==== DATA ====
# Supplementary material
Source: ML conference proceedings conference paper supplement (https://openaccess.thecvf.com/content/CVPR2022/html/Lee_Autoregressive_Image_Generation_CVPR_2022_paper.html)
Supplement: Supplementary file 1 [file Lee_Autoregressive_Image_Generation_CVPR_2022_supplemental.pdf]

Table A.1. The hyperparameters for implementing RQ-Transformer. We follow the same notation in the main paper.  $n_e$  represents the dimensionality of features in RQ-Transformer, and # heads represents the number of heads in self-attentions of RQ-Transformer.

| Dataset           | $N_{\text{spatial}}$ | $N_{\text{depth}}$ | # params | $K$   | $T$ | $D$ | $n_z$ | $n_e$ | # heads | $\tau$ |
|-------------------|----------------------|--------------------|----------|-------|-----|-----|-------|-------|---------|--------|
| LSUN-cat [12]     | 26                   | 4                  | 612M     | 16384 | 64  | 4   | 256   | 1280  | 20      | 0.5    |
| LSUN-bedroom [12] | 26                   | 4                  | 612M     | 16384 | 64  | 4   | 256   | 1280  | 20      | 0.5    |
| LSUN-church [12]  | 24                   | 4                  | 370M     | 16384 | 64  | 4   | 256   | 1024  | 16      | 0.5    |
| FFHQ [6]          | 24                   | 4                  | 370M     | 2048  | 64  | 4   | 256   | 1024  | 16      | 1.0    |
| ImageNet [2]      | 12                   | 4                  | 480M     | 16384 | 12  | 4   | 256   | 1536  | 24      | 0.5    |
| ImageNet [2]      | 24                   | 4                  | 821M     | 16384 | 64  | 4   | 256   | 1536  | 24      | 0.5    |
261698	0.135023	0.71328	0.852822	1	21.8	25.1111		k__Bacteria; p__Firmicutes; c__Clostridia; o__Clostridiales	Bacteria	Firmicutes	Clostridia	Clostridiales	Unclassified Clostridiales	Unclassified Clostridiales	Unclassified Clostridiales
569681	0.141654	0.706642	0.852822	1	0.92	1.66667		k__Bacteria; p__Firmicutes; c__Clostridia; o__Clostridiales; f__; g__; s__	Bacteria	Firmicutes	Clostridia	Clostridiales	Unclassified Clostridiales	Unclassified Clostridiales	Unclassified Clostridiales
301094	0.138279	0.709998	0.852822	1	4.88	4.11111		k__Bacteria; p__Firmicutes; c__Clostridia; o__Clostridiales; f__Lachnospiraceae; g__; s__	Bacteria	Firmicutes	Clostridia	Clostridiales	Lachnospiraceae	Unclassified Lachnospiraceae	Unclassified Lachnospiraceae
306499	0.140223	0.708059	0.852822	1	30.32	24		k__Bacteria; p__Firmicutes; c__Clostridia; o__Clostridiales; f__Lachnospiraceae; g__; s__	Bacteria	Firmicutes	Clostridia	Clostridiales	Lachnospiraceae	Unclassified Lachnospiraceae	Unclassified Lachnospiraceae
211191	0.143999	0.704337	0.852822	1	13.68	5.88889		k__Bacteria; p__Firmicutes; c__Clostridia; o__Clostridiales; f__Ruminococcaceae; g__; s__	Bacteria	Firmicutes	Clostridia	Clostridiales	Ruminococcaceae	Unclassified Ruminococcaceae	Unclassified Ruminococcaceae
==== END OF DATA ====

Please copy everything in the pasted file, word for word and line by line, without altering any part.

# Supplementary material
Source: ML conference proceedings conference paper supplement (https://openaccess.thecvf.com/content/CVPR2022/html/Lee_Autoregressive_Image_Generation_CVPR_2022_paper.html)
Supplement: Supplementary file 1 [file Lee_Autoregressive_Image_Generation_CVPR_2022_supplemental.pdf]

Table A.1. The hyperparameters for implementing RQ-Transformer. We follow the same notation in the main paper.  $n_e$  represents the dimensionality of features in RQ-Transformer, and # heads represents the number of heads in self-attentions of RQ-Transformer.

| Dataset           | $N_{\text{spatial}}$ | $N_{\text{depth}}$ | # params | $K$   | $T$ | $D$ | $n_z$ | $n_e$ | # heads | $\tau$ |
|-------------------|----------------------|--------------------|----------|-------|-----|-----|-------|-------|---------|--------|
| LSUN-cat [12]     | 26                   | 4                  | 612M     | 16384 | 64  | 4   | 256   | 1280  | 20      | 0.5    |
| LSUN-bedroom [12] | 26                   | 4                  | 612M     | 16384 | 64  | 4   | 256   | 1280  | 20      | 0.5    |
| LSUN-church [12]  | 24                   | 4                  | 370M     | 16384 | 64  | 4   | 256   | 1024  | 16      | 0.5    |
| FFHQ [6]          | 24                   | 4                  | 370M     | 2048  | 64  | 4   | 256   | 1024  | 16      | 1.0    |
| ImageNet [2]      | 12                   | 4                  | 480M     | 16384 | 12  | 4   | 256   | 1536  | 24      | 0.5    |
| ImageNet [2]      | 24                   | 4                  | 821M     | 16384 | 64  | 4   | 256   | 1536  | 24      | 0.5    |
261698	0.135023	0.71328	0.852822	1	21.8	25.1111		k__Bacteria; p__Firmicutes; c__Clostridia; o__Clostridiales	Bacteria	Firmicutes	Clostridia	Clostridiales	Unclassified Clostridiales	Unclassified Clostridiales	Unclassified Clostridiales
569681	0.141654	0.706642	0.852822	1	0.92	1.66667		k__Bacteria; p__Firmicutes; c__Clostridia; o__Clostridiales; f__; g__; s__	Bacteria	Firmicutes	Clostridia	Clostridiales	Unclassified Clostridiales	Unclassified Clostridiales	Unclassified Clostridiales
301094	0.138279	0.709998	0.852822	1	4.88	4.11111		k__Bacteria; p__Firmicutes; c__Clostridia; o__Clostridiales; f__Lachnospiraceae; g__; s__	Bacteria	Firmicutes	Clostridia	Clostridiales	Lachnospiraceae	Unclassified Lachnospiraceae	Unclassified Lachnospiraceae
306499	0.140223	0.708059	0.852822	1	30.32	24		k__Bacteria; p__Firmicutes; c__Clostridia; o__Clostridiales; f__Lachnospiraceae; g__; s__	Bacteria	Firmicutes	Clostridia	Clostridiales	Lachnospiraceae	Unclassified Lachnospiraceae	Unclassified Lachnospiraceae
211191	0.143999	0.704337	0.852822	1	13.68	5.88889		k__Bacteria; p__Firmicutes; c__Clostridia; o__Clostridiales; f__Ruminococcaceae; g__; s__	Bacteria	Firmicutes	Clostridia	Clostridiales	Ruminococcaceae	Unclassified Ruminococcaceae	Unclassified Ruminococcaceae